Bowing to Swedish and Danish research indicating that the routine use of these drugs poses long-term health concerns, a majority of governments, including Britain, brushed aside lobbying by the pharmaceutical industry to back the ban.
Nick Brown, the Minister for Agriculture, said his support was based on concern for public safety. "The new Labour Government is determined to put the protection of the consumer at the forefront of decision making in this area. That means that on the basis of scientific evidence and the precautionary principle, the British Government supports the ban," Mr Brown said.
Other ministers said they had learned the lessons of BSE, E. coli and other serious food scares. "This is a triumph for the consumer," said Ireland's Minister for Agriculture and Food, Joe Walsh.
Because antibiotics are routinely incorporated into feedstuffs, there are widespread indications that they are being used not simply to treat illness but to fatten pigs and poultry. The drugs enhance digestion and prevent weight loss, thus saving farmers money.
Yesterday's decision applies to four drugs - Spiramycin, Tysolin phosphate, Virginiamycin and Zincbacitracin - although farmers will still be allowed to purchase them from pharmacies to treat illness on a restricted basis. Controls will be introduced at feed mills to ensure the ban on mixing them with feed is observed.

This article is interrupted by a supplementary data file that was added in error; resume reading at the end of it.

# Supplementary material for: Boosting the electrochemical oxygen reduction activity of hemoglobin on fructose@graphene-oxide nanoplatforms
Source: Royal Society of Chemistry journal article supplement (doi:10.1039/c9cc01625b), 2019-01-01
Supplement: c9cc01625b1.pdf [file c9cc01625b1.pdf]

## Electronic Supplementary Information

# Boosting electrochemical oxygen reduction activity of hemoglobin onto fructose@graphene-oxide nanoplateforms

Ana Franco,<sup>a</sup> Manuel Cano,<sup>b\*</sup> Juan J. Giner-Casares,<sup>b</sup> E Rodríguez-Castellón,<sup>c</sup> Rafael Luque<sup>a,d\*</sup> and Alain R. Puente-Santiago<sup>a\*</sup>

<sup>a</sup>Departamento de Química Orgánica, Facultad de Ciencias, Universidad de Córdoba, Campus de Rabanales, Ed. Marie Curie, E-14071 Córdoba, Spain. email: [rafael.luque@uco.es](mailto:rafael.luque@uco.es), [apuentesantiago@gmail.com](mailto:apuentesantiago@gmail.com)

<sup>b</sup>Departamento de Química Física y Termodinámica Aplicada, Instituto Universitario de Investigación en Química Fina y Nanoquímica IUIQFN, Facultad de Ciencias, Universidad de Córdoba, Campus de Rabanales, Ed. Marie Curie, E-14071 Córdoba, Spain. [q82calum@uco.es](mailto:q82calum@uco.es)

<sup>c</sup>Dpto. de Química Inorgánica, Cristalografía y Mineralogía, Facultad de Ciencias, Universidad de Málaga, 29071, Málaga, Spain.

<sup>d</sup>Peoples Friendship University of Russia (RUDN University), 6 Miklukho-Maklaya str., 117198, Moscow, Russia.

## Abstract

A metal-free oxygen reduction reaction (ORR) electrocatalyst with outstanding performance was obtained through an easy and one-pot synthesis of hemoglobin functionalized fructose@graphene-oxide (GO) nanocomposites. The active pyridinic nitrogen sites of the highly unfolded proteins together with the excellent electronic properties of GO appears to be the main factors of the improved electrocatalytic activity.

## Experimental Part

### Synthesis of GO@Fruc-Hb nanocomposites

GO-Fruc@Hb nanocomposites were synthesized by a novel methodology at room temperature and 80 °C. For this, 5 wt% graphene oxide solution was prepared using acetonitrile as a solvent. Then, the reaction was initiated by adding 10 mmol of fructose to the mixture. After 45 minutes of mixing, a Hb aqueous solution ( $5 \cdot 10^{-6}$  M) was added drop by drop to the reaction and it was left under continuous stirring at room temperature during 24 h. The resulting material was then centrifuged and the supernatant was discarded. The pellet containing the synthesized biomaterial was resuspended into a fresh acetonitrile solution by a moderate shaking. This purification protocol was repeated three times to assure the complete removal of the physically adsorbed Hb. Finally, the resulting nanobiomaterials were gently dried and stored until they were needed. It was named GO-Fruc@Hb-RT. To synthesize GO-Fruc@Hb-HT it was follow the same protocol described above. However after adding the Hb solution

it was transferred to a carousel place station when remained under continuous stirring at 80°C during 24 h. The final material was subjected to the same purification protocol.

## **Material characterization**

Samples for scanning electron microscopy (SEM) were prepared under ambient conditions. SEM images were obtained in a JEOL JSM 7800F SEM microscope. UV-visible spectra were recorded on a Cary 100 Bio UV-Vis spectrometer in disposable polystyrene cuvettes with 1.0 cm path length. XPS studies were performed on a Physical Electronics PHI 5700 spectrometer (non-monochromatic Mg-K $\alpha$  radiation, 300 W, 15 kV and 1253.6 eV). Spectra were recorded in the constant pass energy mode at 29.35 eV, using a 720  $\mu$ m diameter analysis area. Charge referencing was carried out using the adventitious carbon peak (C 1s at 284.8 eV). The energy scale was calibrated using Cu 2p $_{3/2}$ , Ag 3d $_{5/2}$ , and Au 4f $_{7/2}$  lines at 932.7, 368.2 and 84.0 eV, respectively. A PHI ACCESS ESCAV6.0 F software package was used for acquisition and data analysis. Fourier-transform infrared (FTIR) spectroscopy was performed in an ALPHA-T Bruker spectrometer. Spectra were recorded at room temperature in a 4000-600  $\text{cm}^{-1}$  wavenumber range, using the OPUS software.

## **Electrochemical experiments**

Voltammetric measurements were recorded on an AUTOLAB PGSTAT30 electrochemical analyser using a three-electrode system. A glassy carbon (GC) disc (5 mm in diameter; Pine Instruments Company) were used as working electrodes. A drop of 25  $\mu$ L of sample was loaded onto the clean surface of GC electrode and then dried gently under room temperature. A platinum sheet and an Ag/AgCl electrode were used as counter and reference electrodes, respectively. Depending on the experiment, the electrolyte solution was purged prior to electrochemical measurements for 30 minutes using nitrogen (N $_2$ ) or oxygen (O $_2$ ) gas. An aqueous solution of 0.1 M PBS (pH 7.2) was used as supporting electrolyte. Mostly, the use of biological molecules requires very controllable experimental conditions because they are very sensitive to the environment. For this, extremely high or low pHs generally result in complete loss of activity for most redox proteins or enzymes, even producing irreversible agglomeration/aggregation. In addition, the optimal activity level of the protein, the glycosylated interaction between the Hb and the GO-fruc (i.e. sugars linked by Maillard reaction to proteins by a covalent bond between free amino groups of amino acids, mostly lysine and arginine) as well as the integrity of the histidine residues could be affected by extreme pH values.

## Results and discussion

Pharmaceutical producers reacted angrily to the ban. Alpharma, a US-Norwegian company which manufactures Zinc bacitracin, said there was no scientific evidence of even a remote risk of resistance build-up in humans. The drug was notused by humans so the question of build-up was irrelevant, a spokesman said.
Zincbacitracin helped farmers to reduce costs because treated animals could eat less for the same results, he said.
The ban will be reviewed in two years to take account of any new scientific evidence.
Four other animal feed drugs will remain on the market but EU scientists are considering whether to extend the the ban to them.
Spain, Portugal and Belgium abstained in yesterday's vote, arguing that the evidence of a link between farm use of antibiotics and human resistance was not convincing.